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Lemming predators on the Siberian tundra
Göteborg University, Göteborg, Sweden.
Stockholm University, Faculty of Science, Department of Zoology.
Göteborg University, Göteborg, Sweden.
Lund University, Lund, Sweden.
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1999 (English)In: Ambio, ISSN 0044-7447, Vol. 28, no 3, 281-286 p.Article in journal (Refereed) Published
Abstract [en]

In the Eurasian Arctic, the most common lemming species are the Siberian lemming (Lemmus sibiricus) and the collared lemming (Dicrostonyx torquatus). Lemmings constitute the main food item for 5 common predators in the area: arctic fox; snowy owl; rough-legged buzzard; long-tailed skua; and pomarine skua. Hence, these predators form a foraging guild. We have studied factors influencing the structure of this guild. When comparing cooccurrence of the predators between 17 sites across Siberia, there were positive associations between the snowy owl and the two skuas, and a negative association between snowy owl and rough-legged buzzard. There was also a large variation in local population density among the predators, conceivably, due to the risk of intra-guild predation as well as the variation in food supply. There were significant relationships between lemming abundance and the abundance of each predator. An analysis of the predatory response by the arctic fox indicated a response pattern similar to that of a delayed numerical response to lemming abundance. For this and other reasons, we propose that the arctic fox is a resident specialist predator on microtine rodents. Further, the birds appeared to be nomadic specialist predators with, perhaps, one exception, the rough-legged buzzard.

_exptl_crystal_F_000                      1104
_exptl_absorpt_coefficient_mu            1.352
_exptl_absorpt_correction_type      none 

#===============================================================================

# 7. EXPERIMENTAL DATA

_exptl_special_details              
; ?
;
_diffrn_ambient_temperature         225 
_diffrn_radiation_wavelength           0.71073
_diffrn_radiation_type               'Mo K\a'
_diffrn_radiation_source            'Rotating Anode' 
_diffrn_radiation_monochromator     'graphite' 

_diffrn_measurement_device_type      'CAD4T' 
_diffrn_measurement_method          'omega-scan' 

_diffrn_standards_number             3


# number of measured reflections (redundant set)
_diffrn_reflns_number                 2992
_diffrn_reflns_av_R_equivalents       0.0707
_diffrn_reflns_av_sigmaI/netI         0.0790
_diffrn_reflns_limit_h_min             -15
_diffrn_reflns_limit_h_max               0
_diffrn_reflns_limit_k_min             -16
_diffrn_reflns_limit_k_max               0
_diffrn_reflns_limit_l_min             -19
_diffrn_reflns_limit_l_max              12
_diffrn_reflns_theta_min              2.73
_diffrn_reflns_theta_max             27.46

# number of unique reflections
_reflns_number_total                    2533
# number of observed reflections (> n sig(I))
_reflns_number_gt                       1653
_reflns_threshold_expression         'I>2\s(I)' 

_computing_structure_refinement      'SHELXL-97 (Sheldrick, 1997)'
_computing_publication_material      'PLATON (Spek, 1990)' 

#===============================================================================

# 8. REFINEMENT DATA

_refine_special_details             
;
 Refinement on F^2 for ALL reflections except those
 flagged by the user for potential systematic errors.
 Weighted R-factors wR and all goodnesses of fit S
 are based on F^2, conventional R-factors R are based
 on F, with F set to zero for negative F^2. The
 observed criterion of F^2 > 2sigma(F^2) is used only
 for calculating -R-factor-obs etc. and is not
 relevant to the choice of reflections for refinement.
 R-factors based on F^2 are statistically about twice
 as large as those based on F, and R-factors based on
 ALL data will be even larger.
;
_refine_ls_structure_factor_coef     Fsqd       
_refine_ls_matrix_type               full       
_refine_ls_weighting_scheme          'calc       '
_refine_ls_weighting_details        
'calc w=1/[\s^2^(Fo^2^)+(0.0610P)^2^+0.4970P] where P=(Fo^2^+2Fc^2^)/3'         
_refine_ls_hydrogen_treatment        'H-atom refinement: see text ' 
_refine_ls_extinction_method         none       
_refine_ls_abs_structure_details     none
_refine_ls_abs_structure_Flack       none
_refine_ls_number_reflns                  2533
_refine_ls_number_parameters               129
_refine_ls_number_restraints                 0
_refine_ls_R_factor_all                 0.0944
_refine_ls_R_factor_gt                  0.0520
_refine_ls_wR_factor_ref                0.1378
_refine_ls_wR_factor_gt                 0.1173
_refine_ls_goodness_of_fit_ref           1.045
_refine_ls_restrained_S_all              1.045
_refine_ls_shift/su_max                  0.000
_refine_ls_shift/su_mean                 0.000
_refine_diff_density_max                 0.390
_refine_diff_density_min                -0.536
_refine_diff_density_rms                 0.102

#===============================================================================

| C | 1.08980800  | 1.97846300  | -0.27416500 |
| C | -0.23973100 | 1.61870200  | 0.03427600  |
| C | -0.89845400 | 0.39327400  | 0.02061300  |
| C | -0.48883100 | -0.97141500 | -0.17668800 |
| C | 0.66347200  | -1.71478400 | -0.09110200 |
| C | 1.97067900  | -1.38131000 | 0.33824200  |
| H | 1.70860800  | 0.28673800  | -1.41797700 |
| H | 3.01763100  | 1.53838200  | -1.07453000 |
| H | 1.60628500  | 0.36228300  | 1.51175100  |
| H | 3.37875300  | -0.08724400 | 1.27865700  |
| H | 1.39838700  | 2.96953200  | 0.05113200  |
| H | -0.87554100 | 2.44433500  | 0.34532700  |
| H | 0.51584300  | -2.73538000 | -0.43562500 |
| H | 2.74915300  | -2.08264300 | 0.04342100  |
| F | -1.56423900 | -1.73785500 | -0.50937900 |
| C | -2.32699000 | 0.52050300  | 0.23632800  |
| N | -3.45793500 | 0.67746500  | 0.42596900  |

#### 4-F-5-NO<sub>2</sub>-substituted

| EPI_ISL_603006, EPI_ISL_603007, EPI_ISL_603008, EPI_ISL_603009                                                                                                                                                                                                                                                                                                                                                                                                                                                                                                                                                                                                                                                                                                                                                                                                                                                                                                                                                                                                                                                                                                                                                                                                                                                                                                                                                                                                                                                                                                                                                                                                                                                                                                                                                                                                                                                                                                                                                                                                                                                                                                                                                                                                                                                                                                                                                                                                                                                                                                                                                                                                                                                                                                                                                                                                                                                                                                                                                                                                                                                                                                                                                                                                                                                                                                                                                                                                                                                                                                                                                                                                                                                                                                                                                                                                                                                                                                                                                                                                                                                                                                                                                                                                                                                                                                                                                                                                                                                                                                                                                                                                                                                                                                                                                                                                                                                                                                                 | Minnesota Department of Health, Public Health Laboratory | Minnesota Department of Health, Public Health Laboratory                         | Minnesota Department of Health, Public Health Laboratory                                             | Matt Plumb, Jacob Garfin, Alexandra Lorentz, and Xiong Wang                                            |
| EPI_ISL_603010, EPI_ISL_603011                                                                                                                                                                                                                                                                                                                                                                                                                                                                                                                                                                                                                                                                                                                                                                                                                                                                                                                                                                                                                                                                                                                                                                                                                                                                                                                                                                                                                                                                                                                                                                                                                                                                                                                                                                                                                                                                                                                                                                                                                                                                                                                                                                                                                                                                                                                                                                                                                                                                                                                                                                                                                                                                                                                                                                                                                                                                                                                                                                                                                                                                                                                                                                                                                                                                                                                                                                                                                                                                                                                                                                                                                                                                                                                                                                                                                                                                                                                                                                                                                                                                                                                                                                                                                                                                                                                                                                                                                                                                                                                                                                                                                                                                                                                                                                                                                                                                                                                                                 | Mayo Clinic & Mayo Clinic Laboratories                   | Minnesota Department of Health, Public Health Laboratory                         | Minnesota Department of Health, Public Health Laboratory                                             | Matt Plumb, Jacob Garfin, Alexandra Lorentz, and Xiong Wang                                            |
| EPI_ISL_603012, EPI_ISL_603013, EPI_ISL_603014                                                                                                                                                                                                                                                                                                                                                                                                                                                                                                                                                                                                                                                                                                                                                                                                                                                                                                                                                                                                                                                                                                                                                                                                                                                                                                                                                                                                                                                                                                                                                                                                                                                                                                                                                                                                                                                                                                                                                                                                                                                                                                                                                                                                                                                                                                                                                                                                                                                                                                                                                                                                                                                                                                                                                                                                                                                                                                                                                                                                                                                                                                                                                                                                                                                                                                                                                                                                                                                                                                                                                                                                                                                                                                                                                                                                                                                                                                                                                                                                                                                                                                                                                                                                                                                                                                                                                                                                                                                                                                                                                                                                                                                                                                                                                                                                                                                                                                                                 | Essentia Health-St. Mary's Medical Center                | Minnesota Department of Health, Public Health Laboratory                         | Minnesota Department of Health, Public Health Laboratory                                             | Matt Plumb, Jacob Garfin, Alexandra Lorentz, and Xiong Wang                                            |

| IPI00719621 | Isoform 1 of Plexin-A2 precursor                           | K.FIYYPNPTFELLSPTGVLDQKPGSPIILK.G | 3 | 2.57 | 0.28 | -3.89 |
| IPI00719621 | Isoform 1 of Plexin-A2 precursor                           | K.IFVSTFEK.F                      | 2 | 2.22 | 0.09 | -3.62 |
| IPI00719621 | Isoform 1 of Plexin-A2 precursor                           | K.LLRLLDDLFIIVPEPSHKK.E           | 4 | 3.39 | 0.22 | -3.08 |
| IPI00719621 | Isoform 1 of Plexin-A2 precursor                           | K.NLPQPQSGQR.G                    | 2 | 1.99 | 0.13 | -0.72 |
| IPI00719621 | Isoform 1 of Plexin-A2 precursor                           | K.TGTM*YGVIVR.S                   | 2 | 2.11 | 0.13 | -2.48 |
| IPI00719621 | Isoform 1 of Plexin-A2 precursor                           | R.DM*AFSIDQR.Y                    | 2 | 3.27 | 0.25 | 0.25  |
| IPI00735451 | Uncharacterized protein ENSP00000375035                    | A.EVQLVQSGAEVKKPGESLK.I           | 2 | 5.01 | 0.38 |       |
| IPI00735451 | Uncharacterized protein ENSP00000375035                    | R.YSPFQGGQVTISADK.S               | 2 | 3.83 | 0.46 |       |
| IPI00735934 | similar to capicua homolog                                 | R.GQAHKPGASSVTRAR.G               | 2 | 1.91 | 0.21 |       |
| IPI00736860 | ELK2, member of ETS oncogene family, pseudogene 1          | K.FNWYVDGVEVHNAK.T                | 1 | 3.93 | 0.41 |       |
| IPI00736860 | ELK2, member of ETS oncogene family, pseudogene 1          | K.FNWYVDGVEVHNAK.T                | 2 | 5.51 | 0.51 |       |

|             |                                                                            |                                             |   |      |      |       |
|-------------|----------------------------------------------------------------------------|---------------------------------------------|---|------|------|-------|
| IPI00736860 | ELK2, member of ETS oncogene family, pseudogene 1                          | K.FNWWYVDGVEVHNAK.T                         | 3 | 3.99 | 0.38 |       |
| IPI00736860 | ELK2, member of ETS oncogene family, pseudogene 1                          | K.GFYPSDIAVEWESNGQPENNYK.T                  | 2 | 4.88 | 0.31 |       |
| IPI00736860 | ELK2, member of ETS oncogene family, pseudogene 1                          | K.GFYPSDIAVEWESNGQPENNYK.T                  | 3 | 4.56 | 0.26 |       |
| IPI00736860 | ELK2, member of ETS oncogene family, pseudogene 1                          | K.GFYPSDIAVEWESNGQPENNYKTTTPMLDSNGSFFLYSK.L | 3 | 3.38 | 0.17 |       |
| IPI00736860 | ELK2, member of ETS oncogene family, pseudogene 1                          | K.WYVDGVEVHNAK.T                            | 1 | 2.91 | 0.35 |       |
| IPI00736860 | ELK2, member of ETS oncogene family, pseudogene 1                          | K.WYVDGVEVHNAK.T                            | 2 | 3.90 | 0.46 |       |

Place, publisher, year, edition, pages
1999. Vol. 28, no 3, 281-286 p.
Keyword [en]
ARCTIC FOX POPULATION, RODENT POPULATIONS, FIELD EXPERIMENTS, SOUTHERN, SWEDEN, NEST SITES, DYNAMICS, DENSITY, CYCLES, FOOD, FLUCTUATIONS
National Category
Zoology
Research subject
Zoology
Identifiers
URN: urn:nbn:se:su:diva-29719ISI: 000081012200012ISBN: 0044-7447 OAI: oai:DiVA.org:su-29719DiVA: diva2:234765
Available from: 2009-09-10 Created: 2009-09-10 Last updated: 2015-10-07Bibliographically approved

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